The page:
Closer co-operation with Japan


Sandrine Lacombe, Vice President for International Relations, visited Japan in February to strengthen and develop new co-operation in education and research with several top universities and research institutes, in particular the University of Tokyo and Osaka University, as well as Tokyo Tech*, one of Japan’s leading universities in science and technology.

A renewed commitment to consolidate close co-operation

Meeting our partners at Osaka University, helped to further the implementation of the framework agreement recently signed with Paris-Saclay (a MoU was signed in May 2017) and to identify possible joint fields of study and actions particularly in law, chemistry and physics.

The visit to the University of Tokyo was intended to initiate new co-operation with this institution. There was promising contact at Vice President level, and international relations representatives, as well as many professors have supported the mutual benefit of signing an agreement, hence consolidating the approach previously taken by Paris-Saclay.

The meeting with Tokyo Tech helped to initiate a discussion for signing a new agreement on Materials Sciences.

It augurs well for extensive co-operation, such as the organisation of summer schools or even the development of Masters’ Double Degrees and thesis co-supervision, many opportunities which will benefit our students, our lecturer-researchers and more broadly the influence of Paris-Sud.

New mobility opportunities for Paris-Sud students in Japan

This mission will greatly develop opportunities for our students who wish to go on an exchange to Japan and future Japanese interns from our partner universities.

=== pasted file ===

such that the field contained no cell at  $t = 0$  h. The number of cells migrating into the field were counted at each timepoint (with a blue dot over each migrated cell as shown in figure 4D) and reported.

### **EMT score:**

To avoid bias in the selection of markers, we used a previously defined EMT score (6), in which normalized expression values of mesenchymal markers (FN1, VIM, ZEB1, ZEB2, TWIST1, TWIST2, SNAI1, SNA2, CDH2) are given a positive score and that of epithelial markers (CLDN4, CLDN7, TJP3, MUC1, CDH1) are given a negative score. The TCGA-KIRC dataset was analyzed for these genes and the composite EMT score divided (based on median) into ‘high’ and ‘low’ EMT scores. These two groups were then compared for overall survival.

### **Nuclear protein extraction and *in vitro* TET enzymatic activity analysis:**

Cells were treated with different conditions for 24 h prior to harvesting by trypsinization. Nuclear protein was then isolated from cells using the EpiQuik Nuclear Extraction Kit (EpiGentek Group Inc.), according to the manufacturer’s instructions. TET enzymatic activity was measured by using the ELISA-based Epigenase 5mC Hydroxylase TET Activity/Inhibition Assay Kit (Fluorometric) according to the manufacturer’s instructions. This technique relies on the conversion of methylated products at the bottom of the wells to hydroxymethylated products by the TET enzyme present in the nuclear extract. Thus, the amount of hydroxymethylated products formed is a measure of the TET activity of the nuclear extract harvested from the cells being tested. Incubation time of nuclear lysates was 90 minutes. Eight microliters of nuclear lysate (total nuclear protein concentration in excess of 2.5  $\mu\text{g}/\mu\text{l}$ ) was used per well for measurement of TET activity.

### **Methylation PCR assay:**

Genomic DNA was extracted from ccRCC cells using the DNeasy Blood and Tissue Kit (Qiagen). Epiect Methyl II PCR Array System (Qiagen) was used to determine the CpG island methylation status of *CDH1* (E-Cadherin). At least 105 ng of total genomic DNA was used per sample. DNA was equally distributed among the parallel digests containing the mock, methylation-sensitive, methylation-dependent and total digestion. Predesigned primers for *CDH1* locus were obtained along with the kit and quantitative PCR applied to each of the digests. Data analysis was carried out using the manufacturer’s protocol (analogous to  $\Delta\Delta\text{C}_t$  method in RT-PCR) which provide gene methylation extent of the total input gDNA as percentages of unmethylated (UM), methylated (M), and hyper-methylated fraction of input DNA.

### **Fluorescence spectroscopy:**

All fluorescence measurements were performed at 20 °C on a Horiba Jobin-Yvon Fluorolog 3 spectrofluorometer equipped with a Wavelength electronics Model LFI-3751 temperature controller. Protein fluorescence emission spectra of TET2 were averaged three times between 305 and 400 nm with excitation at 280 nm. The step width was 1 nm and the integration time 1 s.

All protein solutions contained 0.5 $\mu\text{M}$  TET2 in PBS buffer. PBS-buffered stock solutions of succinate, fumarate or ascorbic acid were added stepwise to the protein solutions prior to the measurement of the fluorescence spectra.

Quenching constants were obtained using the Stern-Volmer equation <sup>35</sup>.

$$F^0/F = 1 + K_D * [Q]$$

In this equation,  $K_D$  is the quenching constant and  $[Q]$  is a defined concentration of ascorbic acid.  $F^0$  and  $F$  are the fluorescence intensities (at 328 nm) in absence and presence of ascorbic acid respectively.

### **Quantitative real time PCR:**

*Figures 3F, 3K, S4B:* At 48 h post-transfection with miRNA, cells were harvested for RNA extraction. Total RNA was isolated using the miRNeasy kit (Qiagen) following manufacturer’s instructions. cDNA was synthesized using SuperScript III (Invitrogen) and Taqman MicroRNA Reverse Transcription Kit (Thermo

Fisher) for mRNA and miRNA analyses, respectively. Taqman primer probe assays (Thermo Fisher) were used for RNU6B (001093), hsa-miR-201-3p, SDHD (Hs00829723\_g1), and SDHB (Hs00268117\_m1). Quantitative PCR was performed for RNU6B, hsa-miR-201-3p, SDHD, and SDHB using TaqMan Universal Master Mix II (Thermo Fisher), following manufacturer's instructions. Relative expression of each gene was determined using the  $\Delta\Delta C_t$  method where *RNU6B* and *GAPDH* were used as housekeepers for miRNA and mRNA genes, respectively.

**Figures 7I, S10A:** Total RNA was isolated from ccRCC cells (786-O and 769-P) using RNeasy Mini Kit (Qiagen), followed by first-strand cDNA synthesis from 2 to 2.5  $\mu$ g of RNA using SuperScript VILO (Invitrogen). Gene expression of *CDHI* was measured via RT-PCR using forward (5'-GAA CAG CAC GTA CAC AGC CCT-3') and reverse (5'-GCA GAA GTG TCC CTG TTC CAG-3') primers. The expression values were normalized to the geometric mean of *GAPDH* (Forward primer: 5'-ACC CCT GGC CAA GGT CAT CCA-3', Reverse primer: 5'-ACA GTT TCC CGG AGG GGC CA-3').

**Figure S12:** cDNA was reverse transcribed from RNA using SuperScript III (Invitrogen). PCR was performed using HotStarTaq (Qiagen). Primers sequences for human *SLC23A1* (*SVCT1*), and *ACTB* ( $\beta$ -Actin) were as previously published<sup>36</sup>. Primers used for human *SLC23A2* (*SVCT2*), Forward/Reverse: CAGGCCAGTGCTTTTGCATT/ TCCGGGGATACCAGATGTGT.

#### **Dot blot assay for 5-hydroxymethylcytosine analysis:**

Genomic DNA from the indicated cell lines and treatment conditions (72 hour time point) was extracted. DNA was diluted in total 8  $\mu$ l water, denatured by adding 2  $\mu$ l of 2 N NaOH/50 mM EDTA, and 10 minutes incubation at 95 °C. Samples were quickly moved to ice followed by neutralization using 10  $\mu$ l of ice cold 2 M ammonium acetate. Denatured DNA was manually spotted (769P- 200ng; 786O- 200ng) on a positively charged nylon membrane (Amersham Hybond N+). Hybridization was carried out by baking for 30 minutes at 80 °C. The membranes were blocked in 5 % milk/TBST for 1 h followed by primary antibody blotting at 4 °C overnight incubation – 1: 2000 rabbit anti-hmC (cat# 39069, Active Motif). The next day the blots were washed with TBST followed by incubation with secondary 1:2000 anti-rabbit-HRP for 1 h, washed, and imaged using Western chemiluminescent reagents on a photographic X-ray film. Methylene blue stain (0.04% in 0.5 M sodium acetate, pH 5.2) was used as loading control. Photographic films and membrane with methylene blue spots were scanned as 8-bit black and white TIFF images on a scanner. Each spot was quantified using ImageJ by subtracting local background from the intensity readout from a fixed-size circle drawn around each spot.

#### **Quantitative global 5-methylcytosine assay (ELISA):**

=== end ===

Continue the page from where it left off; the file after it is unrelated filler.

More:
It should be noted: to actively develop co-operation with these partners, 1/2 grants for co-supervised theses are offered by Paris-Sud. For any information about this, you can contact Sandrine Lacombe, Vice President for International Relations.

*ranked respectively 1st, 6th and 4th Japanese universities according to the THE (Times Higher Education Asia University Rankings 2017)

More than 20 students, mainly from UFR Sciences and IUT d’Orsay, have benefited from an exchange to Japan in the last 3 years, to Tokyo, Nagoya or even Osaka. Let’s look at Walter’s trip to Nagoya last year, a source of fulfilment for him, both professionally as well as personally:

“This internship turned out to be an invaluable experience of encounters and discoveries. Surrounded by people who were unusually open and kind, […]

I was finally able to discover this culture which has fascinated me for so long, […] by making Japanese friends that I’m already looking forward to seeing again as quickly as possible.

Being invited into a Japanese family, trying the sentō (public baths) or even tasting the delights of the local cuisine are all ways of discovering this country […]

It was also an opportunity for me to improve my Japanese, to deepen and expand my knowledge of cosmology, and to make professional contacts abroad who will remain potential partners in the long term. I also learnt to work in a team, despite the cultural differences that sometimes existed, and to adapt to unfamiliar situations and work methods.

If you asked me for one piece of advice, it would be do not hesitate and go for it. There is so much to learn and experience! Three months seems to pass in two weeks. Personally, I know that I will return there as soon as possible and probably for longer!”

Are you tempted by such an experience? Contact the International Relations Department (DRI) at @ to prepare for your future internship or studies in Japan.